Cane Toad Awards

Cane Toad Awards

Naming and shaming Australia’s corporate cane toads

Naming and shaming Australia’s corporate cane toads

From BHP’s Samarco dam disaster in Brazil to Mayur Resources’ push for the first coal industry in the Pacific.  Many Australian companies are implicated in the destruction of our planet and peoples livelihoods, just like cane toads. Demand accountability by voting in Australia’s most disgusting award, sharing and exposing these toxic toads.



Select your choice for this year’s Corporate Cane Toad, and then click on the CAST YOUR VOTE button.

Cane Toad Awards

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In 1935, the toxic cane toad was artificially introduced into Australia. Backed by government and powerful companies, this damaging species was introduced to protect lucrative sugar crops from a beetle. This resulted in one of Australia’s worst environmental disasters, with cane toads destroying ecosystems and killing countless other species.

Now, many Australian corporations are implicated in violations of human rights and environmental destruction worldwide. Rainforest clearing, land grabbing, union-busting, water contamination, climate wrecking and the list goes on. Despite numerous reports and lawsuits, these corporations get away with it time and time again. They are becoming Corporate Cane Toads and should not be allowed to take over.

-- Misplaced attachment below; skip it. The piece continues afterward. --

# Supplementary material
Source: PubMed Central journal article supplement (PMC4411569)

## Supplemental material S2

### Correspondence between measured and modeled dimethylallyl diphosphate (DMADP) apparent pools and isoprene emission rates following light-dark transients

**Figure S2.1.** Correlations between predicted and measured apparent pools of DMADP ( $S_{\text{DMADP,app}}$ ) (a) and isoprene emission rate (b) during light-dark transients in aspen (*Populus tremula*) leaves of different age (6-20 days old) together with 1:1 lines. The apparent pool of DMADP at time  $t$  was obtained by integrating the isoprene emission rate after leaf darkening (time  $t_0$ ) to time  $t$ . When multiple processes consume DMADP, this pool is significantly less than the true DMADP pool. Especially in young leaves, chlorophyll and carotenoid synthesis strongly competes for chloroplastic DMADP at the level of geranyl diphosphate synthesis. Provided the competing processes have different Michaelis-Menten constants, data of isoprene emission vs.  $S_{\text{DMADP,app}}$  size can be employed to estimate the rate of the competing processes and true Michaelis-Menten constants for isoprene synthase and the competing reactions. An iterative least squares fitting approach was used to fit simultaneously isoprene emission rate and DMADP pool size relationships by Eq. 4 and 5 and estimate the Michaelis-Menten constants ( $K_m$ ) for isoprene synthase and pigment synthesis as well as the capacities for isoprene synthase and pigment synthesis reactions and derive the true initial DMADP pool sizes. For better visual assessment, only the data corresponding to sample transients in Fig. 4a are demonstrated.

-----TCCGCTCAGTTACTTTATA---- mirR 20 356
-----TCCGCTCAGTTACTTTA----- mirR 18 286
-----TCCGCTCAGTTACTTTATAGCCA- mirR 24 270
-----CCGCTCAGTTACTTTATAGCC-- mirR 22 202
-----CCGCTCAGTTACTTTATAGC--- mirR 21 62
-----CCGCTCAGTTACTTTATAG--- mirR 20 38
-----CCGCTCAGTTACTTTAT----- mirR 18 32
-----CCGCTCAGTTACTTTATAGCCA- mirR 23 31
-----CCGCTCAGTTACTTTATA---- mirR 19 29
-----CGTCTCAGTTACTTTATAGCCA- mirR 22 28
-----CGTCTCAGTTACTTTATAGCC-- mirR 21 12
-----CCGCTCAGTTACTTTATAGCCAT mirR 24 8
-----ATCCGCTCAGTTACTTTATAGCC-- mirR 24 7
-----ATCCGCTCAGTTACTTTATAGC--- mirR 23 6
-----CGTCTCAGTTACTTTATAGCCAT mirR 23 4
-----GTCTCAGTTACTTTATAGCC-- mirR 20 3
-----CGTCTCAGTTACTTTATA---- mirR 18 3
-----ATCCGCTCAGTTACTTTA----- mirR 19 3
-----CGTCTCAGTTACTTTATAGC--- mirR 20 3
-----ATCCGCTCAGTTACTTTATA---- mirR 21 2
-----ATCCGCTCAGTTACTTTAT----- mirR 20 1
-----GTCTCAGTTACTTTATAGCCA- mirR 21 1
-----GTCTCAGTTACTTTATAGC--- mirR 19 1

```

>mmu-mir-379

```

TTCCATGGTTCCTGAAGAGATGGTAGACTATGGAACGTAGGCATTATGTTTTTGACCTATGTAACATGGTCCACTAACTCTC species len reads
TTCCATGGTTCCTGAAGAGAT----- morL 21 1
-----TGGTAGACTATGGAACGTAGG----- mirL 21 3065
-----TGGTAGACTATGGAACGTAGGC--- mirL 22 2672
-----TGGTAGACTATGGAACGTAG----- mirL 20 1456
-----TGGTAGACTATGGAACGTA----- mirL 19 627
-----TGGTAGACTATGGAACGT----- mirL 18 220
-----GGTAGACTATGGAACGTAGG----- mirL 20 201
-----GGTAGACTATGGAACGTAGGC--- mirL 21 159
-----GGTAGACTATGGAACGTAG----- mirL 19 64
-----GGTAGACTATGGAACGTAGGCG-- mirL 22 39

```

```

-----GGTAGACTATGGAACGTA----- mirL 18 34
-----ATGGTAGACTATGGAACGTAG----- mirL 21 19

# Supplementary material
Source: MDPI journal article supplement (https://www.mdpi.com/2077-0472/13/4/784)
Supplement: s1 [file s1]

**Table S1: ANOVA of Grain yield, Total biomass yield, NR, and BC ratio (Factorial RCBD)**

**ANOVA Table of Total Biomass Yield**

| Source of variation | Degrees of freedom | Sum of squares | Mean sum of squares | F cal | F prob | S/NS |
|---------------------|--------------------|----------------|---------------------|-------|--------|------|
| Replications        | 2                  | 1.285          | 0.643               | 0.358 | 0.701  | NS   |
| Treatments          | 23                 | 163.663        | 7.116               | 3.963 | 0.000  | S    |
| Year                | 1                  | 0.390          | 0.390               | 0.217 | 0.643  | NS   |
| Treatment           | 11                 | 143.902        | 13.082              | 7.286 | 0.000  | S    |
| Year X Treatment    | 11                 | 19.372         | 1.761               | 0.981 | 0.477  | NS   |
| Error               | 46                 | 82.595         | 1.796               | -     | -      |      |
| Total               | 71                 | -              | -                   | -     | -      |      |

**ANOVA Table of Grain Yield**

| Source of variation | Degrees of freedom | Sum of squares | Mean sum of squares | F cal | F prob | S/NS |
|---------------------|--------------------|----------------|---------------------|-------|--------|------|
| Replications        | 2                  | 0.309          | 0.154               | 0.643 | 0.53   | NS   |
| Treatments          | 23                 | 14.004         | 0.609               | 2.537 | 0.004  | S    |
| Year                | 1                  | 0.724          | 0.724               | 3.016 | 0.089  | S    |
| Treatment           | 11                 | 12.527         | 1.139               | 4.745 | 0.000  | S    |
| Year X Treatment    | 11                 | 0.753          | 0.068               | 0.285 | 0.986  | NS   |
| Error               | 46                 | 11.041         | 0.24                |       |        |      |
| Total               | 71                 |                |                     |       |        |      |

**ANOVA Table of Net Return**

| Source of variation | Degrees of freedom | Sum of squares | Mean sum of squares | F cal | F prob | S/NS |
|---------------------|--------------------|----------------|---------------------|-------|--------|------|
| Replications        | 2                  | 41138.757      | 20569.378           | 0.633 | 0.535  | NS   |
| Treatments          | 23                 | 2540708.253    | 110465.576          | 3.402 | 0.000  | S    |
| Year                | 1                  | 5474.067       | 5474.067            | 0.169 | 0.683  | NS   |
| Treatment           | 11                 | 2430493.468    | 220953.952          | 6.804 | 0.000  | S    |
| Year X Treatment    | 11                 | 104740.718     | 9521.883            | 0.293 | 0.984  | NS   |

That’s why we’ve created the CANE TOAD AWARDS. Australian corporations will be nominated for their wrongdoings, and the public will vote for the biggest toad! With your help, we will expose the worst behavior by Australian companies and hold them accountable. We demand the Australian government introduce new binding laws to ensure companies respect human rights and the environment wherever they operate, like are being introduced in many other countries.

Vote, share, and shame these companies that are causing so much damage. The company with the most votes will be named the 2021 Corporate Cane Toad and referred to an international human rights complaint  mechanism under the Organisation for Economic Co-operation and Development rules on multinational enterprises.

We acknowledge that we meet and work on the land of the Wurundjeri people and that sovereignty of the land of the Kulin Nation was never ceded. We pay  respects to their Elders, past and present, and acknowledges the pivotal role that Aboriginal and Torres Strait Islander people continue to play within the Australian community.